WASHINGTON • The Obama administration is exploring a deal with Pakistan that would limit the scope of the Asian country's nuclear arsenal, the fastest-growing on earth.
The talks - the first in the decade since one of the founders of Pakistan's nuclear programme, Abdul Qadeer Khan, was caught selling the country's nuclear technology around the world - are being held in advance of the arrival of Pakistani Prime Minister Nawaz Sharif in Washington next week.
The talks focus on US concerns that Pakistan may be on the verge of deploying a small tactical nuclear weapon - explicitly modelled on weapons that the US deployed in Europe during the Cold War to deter a Soviet invasion - that would be far harder to secure than the country's arsenal of larger weapons.
But outside experts familiar with the discussions, which have echoes of the Obama administration's first approaches to Iran on its nuclear programme three years ago, expressed deep scepticism that Pakistan was ready to put limits on a programme that is the pride of the nation and that it regards as its only real defence against India.
The discussions are being led by Mr Peter Lavoy, a longtime intelligence expert on the Pakistani programme who is now on the staff of the National Security Council.
On Thursday, White House press secretary Josh Earnest was asked about the talks and broke from the administration's previous position of refusing to comment.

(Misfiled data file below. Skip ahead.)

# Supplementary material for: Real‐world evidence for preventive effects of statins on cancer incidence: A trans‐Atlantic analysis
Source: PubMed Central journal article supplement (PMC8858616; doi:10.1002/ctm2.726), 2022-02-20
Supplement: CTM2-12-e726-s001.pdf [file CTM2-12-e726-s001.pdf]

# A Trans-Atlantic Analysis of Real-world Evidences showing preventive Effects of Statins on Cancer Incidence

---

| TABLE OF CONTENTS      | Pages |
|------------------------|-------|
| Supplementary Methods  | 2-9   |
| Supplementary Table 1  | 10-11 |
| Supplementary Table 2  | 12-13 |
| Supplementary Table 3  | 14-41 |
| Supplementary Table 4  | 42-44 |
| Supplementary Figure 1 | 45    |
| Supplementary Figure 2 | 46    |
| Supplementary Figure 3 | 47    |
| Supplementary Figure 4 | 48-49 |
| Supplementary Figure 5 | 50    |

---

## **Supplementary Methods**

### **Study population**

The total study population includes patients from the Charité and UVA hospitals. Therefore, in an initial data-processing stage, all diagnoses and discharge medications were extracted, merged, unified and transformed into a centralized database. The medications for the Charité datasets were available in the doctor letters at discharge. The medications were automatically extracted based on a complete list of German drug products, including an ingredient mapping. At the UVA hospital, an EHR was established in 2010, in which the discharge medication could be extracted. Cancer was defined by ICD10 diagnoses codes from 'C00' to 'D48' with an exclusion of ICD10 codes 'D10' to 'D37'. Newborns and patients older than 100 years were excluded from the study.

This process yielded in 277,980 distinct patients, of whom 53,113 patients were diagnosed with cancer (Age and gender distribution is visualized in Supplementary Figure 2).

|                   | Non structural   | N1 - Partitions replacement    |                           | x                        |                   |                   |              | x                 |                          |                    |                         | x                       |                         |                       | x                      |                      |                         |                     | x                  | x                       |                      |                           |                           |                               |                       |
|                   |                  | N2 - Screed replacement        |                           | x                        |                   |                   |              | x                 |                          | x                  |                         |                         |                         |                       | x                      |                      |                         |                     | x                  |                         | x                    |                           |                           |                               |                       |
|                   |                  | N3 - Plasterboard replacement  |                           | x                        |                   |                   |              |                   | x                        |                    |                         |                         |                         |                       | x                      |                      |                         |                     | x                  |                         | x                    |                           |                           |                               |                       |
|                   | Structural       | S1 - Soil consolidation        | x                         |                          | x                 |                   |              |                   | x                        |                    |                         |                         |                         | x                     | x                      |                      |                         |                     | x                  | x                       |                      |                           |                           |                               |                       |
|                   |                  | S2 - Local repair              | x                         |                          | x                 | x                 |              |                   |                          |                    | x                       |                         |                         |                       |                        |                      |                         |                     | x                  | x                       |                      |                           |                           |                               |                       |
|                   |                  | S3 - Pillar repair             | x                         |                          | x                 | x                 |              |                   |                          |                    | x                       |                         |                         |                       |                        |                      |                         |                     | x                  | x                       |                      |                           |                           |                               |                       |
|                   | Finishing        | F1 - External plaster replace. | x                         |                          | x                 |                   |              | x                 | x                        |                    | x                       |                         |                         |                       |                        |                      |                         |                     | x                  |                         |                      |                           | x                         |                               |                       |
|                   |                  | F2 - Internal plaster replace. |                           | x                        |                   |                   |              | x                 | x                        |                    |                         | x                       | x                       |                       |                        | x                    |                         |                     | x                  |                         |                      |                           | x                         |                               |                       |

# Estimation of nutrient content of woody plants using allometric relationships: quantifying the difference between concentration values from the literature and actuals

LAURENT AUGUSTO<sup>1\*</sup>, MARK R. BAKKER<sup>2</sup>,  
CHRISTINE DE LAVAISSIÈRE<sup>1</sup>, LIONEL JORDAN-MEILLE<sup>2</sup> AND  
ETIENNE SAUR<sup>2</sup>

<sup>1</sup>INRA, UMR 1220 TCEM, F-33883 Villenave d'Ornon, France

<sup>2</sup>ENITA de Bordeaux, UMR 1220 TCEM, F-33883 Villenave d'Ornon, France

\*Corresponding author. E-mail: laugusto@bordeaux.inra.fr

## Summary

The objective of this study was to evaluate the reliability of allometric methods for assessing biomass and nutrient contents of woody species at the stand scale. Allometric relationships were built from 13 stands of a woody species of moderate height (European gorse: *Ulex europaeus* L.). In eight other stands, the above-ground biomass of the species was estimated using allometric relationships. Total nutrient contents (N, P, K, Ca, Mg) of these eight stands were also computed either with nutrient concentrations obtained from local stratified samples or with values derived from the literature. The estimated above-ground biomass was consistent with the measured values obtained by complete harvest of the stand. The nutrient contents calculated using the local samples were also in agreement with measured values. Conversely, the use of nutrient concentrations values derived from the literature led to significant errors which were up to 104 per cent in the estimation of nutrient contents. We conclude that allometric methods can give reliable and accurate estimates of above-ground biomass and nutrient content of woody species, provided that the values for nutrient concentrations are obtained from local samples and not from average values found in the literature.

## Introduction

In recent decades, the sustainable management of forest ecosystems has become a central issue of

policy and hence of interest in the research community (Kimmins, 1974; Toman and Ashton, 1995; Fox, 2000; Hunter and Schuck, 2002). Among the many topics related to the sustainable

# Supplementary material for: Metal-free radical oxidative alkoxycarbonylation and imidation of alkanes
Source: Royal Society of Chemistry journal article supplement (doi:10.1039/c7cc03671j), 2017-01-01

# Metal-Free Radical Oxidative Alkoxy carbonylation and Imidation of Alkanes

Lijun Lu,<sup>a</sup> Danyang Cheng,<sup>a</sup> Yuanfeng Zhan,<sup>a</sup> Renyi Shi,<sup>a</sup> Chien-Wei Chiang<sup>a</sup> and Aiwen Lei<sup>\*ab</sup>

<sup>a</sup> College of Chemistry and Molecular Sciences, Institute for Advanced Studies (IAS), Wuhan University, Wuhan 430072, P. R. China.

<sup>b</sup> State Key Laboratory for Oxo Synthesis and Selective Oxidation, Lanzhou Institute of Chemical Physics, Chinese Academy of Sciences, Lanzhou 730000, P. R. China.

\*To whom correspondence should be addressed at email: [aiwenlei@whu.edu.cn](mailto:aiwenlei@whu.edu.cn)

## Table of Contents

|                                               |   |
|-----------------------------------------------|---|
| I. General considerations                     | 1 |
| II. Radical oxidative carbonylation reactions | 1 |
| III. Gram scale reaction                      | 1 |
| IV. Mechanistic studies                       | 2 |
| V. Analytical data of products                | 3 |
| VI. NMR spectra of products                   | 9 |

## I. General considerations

"A deal like the one that's been discussed publicly is not something that's likely to come to fruition next week," he said. "But the United States and Pakistan are regularly engaged in a dialogue about the importance of nuclear security. And I would anticipate that that dialogue would include conversations between the leaders of our two countries."
The central element of the proposal, according to other officials and outside experts, would be a relaxation of strict controls put on Pakistan by the Nuclear Suppliers Group, a loose affiliation of nations that tries to control the proliferation of weapons.
"If Pakistan would take the actions requested by the United States, it would essentially amount to recognition of rehabilitation and would essentially amount to parole," said Mr George Perkovich, vice-president for studies at the Carnegie Endowment for International Peace, who has maintained contacts with the Pakistani nuclear establishment. "I think it's worth a try, but I have my doubts that the Pakistanis are capable of doing this."
NEW YORK TIMES